As elementary as it sounds, watch your grammar and spelling. It’s literally the first thing that will get your resume axed in the review process. I can’t even tell you how many times I’ve watched people lose out on interviews because they (presumably) flew through building their resume or cover letter and misspelled something, didn’t hyphenate properly, as in “detail-oriented” (ironic huh?), or tripped up their words explaining something. You don’t have to be the best speller, but you are responsible for proofreading (out loud is best) your materials before submitting them. (That includes the body of the email you attach your documents to!) People are human and mistakes happen, but remember, this is your first impression on paper. If your resume is a hot mess, they’re going to assume you are as well.
Show, don’t tell!
When describing your position details, or writing up a professional summary, you always want to use bullet points. Recruiters just don’t have time to read through paragraphs of content. When they have 300 applicants, you have about 5 seconds to catch their eye and show your value. You have to stand out. Start your bullet points with power verbs that really show what it is you did there. Avoid beginning every bullet with “Responsible for…” - it waters it down. Also, use keywords from the job description; employers are literally shouting at you what they are looking for on a resume; give it to them. Again, avoid listing one or two-word bullets and articulate for the reader what it is you accomplished or contributed in that role.
Think outside of your job title
If you worked at a cafe part-time, don’t waste a bullet point with “made coffee.” That’s obvious. Chances are you do a lot more than that, so think outside the box. Do you train new employees, manage the scheduling, or reconcile the register at the end of the day? Describe to me the things you did, so I can imagine you doing them at my company. How did you add value to your place of employment? Were you named employee of the month,or win a performance competition in the office? Remember to ask yourself, what does this employer need to know about my work ethic and skills? Think like the recruiter, not like a job hunter. And don't forget, this isn't bragging- it's marketing! You, quite literally, are the product... why should they buy you?
Remember the “other stuff”
I always cringe when I’m talking to someone and they mention studying or traveling abroad, and yet it’s nowhere on their resume, or it’s crammed into one tiny bullet point under their education section that vaguely states “studied abroad.” Where? What did you study? Where else did you travel? Employers LOVE hiring people with international perspective, and yet you’re neglecting them of even knowing you have it. These types of details also help differentiate you from the competition. Leadership skills, volunteer experience, and athletics also fall into this category. Be sure to give yourself credit for the roles you play in your community and peer groups. Employers want to be able to envision how you might bring those same skills and experiences to their company. Don’t forget that being relatable and having good conversation pieces are what get you in the door for an interview, so leverage these things! This is especially true for entry-level job seekers and students. If you’re an English major, I want to see your blog with your ideas and theories. If you're a family studies major, I want to see your years of babysitting and nannying jobs. It may seem trivial to you now, but trust me, it does matter.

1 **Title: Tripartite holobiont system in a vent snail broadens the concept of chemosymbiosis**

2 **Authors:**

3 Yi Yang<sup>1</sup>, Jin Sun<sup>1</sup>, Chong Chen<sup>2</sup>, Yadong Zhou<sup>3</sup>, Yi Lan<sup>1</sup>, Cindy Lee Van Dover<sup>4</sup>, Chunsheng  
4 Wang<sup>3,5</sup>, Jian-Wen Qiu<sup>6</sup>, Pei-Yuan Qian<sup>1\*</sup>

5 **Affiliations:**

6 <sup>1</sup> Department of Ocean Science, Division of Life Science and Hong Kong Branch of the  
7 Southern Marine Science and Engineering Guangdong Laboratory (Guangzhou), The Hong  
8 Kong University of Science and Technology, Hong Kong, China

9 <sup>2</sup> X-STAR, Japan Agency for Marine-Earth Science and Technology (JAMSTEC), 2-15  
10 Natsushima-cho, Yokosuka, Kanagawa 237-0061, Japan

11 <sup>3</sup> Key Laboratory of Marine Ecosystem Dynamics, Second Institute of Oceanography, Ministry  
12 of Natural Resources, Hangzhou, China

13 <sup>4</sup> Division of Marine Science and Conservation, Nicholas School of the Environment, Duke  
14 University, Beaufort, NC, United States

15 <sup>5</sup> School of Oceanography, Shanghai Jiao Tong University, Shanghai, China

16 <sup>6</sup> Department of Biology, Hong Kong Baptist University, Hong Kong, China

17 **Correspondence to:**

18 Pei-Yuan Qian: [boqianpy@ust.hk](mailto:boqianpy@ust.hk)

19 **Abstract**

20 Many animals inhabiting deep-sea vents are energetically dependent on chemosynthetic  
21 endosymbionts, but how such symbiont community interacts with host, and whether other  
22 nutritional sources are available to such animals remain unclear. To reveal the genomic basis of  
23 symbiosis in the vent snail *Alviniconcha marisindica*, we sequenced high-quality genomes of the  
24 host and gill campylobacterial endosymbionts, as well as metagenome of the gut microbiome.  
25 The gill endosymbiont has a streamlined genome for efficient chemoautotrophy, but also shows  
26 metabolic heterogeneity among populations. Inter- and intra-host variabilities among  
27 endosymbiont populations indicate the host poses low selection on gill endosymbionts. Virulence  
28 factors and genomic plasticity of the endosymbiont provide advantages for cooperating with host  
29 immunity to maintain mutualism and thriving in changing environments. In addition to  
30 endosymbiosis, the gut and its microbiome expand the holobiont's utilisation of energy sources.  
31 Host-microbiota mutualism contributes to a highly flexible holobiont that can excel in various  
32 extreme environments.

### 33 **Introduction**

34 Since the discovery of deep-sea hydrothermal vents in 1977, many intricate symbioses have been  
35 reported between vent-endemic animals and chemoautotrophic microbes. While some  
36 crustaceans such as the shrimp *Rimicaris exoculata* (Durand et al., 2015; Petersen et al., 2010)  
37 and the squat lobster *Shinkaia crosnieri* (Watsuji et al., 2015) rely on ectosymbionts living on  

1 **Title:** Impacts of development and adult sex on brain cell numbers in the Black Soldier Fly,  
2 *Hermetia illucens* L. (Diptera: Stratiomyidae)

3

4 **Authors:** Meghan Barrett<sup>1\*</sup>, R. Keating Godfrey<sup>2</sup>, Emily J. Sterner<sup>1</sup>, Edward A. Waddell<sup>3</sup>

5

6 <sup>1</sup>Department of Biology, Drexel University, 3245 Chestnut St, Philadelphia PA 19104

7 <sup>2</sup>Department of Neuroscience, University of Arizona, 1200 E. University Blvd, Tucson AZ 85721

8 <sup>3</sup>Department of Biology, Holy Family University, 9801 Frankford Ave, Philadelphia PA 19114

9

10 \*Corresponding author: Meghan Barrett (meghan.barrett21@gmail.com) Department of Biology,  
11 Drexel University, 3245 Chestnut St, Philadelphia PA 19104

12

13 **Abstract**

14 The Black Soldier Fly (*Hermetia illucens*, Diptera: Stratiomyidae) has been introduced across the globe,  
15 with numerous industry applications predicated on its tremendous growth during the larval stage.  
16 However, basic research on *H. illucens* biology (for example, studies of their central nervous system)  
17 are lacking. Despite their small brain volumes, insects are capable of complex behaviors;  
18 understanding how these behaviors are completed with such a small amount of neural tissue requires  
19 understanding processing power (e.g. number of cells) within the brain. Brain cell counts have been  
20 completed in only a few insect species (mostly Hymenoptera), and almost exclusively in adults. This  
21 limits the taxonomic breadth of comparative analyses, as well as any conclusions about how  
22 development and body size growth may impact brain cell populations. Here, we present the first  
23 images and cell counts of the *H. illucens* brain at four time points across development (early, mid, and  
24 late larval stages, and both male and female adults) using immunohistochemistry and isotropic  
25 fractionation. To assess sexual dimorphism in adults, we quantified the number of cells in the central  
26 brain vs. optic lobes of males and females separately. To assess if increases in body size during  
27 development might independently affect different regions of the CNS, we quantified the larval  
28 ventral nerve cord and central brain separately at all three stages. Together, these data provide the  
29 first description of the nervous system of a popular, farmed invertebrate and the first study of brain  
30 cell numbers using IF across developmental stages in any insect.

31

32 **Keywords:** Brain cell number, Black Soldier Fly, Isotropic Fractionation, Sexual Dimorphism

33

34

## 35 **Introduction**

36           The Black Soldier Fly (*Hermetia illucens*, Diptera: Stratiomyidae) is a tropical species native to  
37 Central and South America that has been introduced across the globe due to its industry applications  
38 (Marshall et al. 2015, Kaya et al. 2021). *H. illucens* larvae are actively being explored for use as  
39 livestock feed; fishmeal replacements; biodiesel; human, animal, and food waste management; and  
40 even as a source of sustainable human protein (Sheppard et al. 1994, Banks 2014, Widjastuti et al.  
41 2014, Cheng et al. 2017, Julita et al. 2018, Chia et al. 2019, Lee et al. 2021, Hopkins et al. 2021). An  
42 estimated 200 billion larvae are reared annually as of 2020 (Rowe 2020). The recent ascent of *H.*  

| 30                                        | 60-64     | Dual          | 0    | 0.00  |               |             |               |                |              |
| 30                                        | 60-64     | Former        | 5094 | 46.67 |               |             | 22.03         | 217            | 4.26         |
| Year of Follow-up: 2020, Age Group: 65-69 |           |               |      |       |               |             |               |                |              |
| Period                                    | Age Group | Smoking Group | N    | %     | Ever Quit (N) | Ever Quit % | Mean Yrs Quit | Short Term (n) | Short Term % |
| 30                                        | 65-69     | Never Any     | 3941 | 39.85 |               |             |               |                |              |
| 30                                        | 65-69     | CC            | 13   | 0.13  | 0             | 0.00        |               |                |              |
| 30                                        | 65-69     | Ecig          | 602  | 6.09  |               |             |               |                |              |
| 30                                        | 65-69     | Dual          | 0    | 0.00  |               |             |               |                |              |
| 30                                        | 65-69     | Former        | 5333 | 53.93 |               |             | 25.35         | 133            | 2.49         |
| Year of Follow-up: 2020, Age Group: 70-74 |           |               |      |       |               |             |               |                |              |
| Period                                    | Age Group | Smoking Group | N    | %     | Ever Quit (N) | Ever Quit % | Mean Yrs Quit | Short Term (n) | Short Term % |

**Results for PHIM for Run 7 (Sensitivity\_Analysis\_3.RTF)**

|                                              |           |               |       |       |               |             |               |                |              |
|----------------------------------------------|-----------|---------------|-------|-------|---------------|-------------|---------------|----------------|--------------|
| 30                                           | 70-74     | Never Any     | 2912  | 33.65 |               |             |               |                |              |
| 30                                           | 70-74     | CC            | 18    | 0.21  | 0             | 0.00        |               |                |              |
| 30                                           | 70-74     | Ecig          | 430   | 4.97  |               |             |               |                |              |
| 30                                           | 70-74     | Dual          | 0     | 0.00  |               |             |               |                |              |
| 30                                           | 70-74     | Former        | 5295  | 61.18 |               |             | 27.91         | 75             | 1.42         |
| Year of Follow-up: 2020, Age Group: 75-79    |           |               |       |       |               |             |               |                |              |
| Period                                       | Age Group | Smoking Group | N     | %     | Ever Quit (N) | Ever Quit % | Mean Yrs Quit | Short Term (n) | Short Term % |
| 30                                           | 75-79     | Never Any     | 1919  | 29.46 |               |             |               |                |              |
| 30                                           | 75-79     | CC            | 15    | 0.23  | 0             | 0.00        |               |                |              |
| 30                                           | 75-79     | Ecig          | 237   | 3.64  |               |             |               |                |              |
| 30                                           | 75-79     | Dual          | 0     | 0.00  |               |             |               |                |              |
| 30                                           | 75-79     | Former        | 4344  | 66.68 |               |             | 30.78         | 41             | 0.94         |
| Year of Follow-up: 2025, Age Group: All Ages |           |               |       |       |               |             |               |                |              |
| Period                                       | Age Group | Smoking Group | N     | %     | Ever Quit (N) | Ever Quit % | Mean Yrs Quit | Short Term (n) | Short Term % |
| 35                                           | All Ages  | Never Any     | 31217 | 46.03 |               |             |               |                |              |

One Final Look
Lastly, when you're done building up your resume or cover letter, and you think you're ready to submit it, don't! Find someone else (who hasn't been staring it at for a week like you have) and ask them for feedback. At the very minimum, you want another pair of eyes to his that thing before you send it off to a company. Be open to critiques, but remember that this is YOUR document, and YOUR first impression on paper, so you own it. Always remove yourself mentally at the end, and ask yourself: based on this resume, would you hire you? If you hesitate, ask yourself why that is, and lean in or ask for help until you feel really good about it. The more confident you are about your resume, the more you'll want to apply, and the more you apply, the better your chances are of landing multiple interviews and finding something great.